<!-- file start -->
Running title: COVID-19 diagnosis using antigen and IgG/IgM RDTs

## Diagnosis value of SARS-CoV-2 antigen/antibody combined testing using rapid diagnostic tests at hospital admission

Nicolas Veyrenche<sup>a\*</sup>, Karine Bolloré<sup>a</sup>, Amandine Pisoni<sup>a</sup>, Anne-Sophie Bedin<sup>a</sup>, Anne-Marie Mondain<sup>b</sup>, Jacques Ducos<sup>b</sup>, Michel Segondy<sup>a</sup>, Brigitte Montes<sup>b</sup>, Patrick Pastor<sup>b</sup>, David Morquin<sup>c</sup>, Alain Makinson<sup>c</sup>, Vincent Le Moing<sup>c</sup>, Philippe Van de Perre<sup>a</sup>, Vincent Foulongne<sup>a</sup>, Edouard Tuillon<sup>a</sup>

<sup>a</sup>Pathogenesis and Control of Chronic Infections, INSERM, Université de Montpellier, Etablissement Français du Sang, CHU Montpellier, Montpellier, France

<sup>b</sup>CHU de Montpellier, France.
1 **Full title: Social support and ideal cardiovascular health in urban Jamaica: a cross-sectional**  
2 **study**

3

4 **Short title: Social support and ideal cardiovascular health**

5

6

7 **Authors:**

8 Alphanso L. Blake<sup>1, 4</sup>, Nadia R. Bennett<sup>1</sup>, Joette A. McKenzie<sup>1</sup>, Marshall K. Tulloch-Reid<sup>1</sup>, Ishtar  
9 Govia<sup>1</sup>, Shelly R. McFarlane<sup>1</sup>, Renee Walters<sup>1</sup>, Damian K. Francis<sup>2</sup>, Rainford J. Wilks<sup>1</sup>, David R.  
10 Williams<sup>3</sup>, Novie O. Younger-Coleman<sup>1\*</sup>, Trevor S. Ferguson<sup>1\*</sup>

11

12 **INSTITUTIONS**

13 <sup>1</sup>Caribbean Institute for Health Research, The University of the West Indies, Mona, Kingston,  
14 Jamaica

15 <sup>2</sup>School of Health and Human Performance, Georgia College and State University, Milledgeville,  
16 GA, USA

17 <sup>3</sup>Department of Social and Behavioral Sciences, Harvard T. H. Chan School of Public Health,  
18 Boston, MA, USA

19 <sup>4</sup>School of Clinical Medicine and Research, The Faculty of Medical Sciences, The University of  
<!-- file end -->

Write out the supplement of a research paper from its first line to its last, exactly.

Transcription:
Running title: COVID-19 diagnosis using antigen and IgG/IgM RDTs

## Diagnosis value of SARS-CoV-2 antigen/antibody combined testing using rapid diagnostic tests at hospital admission

Nicolas Veyrenche<sup>a\*</sup>, Karine Bolloré<sup>a</sup>, Amandine Pisoni<sup>a</sup>, Anne-Sophie Bedin<sup>a</sup>, Anne-Marie Mondain<sup>b</sup>, Jacques Ducos<sup>b</sup>, Michel Segondy<sup>a</sup>, Brigitte Montes<sup>b</sup>, Patrick Pastor<sup>b</sup>, David Morquin<sup>c</sup>, Alain Makinson<sup>c</sup>, Vincent Le Moing<sup>c</sup>, Philippe Van de Perre<sup>a</sup>, Vincent Foulongne<sup>a</sup>, Edouard Tuillon<sup>a</sup>

<sup>a</sup>Pathogenesis and Control of Chronic Infections, INSERM, Université de Montpellier, Etablissement Français du Sang, CHU Montpellier, Montpellier, France

<sup>b</sup>CHU de Montpellier, France.
1 **Full title: Social support and ideal cardiovascular health in urban Jamaica: a cross-sectional**  
2 **study**

3

4 **Short title: Social support and ideal cardiovascular health**

5

6

7 **Authors:**

8 Alphanso L. Blake<sup>1, 4</sup>, Nadia R. Bennett<sup>1</sup>, Joette A. McKenzie<sup>1</sup>, Marshall K. Tulloch-Reid<sup>1</sup>, Ishtar  
9 Govia<sup>1</sup>, Shelly R. McFarlane<sup>1</sup>, Renee Walters<sup>1</sup>, Damian K. Francis<sup>2</sup>, Rainford J. Wilks<sup>1</sup>, David R.  
10 Williams<sup>3</sup>, Novie O. Younger-Coleman<sup>1\*</sup>, Trevor S. Ferguson<sup>1\*</sup>

11

12 **INSTITUTIONS**

13 <sup>1</sup>Caribbean Institute for Health Research, The University of the West Indies, Mona, Kingston,  
14 Jamaica

15 <sup>2</sup>School of Health and Human Performance, Georgia College and State University, Milledgeville,  
16 GA, USA

17 <sup>3</sup>Department of Social and Behavioral Sciences, Harvard T. H. Chan School of Public Health,  
18 Boston, MA, USA

19 <sup>4</sup>School of Clinical Medicine and Research, The Faculty of Medical Sciences, The University of  